Claire Fuller’s Unsettled Ground

From Tin House: “In Unsettled Ground, award-winning author Claire Fuller masterfully builds a tale of sacrifice and hope, of homelessness and hardship, of love and survival, in which two marginalized and remarkable people uncover long-held family secrets and, in their own way, repair, recover, and begin again.”



Roger Deakin’s Waterlog: A Swimmer’s Journey through Britain

From Tin House: “With enchanting descriptions of natural landscapes, and a deep well of humanity, boundless humor, and unbridled joy, Deakin beckons us to wilder waters and inspires us to connect to the larger world in a most unexpected way. Thrilling, vivid, and lyrical, Waterlog is a fully immersive adventure—a remarkable personal quest, a bold assertion of the swimmer’s right to roam, and an unforgettable celebration of the magic of water.”



Lee Sharkey’s I Will Not Name It Except to Say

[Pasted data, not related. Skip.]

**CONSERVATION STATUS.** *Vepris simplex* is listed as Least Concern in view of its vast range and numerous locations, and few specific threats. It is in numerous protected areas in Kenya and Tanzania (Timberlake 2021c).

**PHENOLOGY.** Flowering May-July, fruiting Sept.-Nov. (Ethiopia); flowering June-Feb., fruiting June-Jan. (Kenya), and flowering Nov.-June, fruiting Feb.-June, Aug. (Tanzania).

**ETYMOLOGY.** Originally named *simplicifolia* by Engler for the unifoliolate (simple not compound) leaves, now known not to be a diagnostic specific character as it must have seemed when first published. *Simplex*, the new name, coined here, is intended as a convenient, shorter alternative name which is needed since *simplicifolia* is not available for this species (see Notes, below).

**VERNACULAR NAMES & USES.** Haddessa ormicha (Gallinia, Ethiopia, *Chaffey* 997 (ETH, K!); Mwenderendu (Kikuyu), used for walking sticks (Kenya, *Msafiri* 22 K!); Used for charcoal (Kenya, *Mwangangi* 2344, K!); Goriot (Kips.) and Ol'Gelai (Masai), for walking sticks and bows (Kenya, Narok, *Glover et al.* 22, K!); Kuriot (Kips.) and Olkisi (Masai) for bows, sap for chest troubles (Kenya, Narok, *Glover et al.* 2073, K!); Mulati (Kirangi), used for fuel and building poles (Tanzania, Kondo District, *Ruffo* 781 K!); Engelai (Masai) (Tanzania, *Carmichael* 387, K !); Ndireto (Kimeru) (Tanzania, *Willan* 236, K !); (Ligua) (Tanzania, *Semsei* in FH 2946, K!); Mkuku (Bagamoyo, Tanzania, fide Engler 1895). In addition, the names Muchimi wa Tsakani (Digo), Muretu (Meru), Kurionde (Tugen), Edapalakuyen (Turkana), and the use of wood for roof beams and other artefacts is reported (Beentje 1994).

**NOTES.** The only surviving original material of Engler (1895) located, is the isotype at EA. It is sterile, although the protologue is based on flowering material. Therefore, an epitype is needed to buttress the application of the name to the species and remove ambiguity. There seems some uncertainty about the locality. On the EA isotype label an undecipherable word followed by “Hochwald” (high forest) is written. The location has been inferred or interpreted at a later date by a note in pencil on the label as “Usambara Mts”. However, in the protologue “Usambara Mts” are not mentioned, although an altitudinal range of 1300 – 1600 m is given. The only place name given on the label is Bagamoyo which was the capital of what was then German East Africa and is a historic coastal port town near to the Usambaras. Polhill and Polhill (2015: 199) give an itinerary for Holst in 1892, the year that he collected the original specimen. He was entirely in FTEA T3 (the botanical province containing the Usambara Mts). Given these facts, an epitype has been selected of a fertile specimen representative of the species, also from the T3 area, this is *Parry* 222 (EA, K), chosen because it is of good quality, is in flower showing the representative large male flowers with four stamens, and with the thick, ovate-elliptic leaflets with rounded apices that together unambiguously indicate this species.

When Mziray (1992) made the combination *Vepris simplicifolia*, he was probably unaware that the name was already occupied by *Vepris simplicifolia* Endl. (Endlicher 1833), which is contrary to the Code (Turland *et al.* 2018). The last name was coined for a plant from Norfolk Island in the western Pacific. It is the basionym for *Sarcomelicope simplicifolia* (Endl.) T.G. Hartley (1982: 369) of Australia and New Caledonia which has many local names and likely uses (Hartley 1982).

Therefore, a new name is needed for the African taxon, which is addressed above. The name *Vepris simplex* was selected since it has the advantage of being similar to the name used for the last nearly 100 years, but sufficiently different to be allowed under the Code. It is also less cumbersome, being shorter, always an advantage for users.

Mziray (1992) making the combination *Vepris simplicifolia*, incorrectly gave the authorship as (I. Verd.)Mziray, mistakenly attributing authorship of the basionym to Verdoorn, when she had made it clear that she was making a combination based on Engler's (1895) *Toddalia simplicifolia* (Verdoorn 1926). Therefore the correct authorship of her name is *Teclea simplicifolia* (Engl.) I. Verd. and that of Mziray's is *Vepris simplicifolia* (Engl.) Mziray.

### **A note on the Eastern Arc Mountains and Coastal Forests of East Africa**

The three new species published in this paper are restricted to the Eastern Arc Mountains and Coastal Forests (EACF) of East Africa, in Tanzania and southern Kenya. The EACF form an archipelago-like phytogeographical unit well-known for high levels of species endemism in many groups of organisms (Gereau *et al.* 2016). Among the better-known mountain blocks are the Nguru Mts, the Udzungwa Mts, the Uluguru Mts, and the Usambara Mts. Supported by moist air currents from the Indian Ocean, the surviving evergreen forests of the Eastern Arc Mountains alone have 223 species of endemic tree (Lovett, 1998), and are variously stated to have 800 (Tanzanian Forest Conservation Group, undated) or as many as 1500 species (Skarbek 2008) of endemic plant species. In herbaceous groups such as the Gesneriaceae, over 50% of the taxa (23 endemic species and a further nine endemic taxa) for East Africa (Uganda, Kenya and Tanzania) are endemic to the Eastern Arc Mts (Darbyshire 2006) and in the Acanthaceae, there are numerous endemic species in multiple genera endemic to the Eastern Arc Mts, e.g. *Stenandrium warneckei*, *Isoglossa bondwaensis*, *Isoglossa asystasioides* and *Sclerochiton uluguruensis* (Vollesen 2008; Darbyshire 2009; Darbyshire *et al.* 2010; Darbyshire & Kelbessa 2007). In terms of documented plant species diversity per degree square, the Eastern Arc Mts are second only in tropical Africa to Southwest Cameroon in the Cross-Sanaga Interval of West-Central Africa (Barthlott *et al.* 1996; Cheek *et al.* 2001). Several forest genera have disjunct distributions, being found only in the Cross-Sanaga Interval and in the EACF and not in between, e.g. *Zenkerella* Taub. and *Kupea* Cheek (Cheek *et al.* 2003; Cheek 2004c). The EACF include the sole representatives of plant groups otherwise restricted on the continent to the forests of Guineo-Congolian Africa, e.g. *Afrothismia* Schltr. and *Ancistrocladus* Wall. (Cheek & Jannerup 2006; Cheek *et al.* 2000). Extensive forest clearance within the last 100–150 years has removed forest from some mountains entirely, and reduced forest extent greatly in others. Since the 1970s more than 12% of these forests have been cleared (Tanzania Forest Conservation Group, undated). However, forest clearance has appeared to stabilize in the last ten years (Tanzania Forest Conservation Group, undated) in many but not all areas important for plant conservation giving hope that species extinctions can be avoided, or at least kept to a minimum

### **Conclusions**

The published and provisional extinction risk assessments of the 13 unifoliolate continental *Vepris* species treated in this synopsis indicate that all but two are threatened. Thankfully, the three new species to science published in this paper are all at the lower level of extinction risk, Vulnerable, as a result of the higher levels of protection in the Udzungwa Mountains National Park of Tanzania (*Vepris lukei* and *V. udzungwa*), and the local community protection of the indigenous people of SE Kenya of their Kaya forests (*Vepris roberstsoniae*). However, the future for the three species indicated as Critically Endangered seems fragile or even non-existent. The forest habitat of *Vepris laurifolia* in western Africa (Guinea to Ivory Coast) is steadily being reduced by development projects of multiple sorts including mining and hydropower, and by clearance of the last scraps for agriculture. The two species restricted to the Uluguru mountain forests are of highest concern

From Tupelo Press: “I Will Not Name It Except to Say is a luminous exploration of grief that carries the heritage of others who came before, including painters and others who lived through WWI and the Holocaust. Hadara Bar-Nadav, author of Lullaby, (with Exit Sign), says of the collection, ‘Her poems are ever merciless, piercing, and beautiful.’ Similarly, Janice Harrington, author of Primitive: The Art and Life of Horace H. Pippin, offers high praise: ‘I Will Not Name It Except to Say brings together the pleasures in any poetry by Lee Sharkey. Her poems burst with the visionary imagination of a Chagall painting and balance precariously on the thread of chiseled, precise language. But what a wild ride Sharkey provides, from the heart-breaking “Letter to Al,” to improvisational riffs on the art of German Expressionism, to spirituality and difficult histories—this collection shakes its reader out of complacency. Tenderness, memory, and unflinching truth-telling—this is Sharkey at her best.”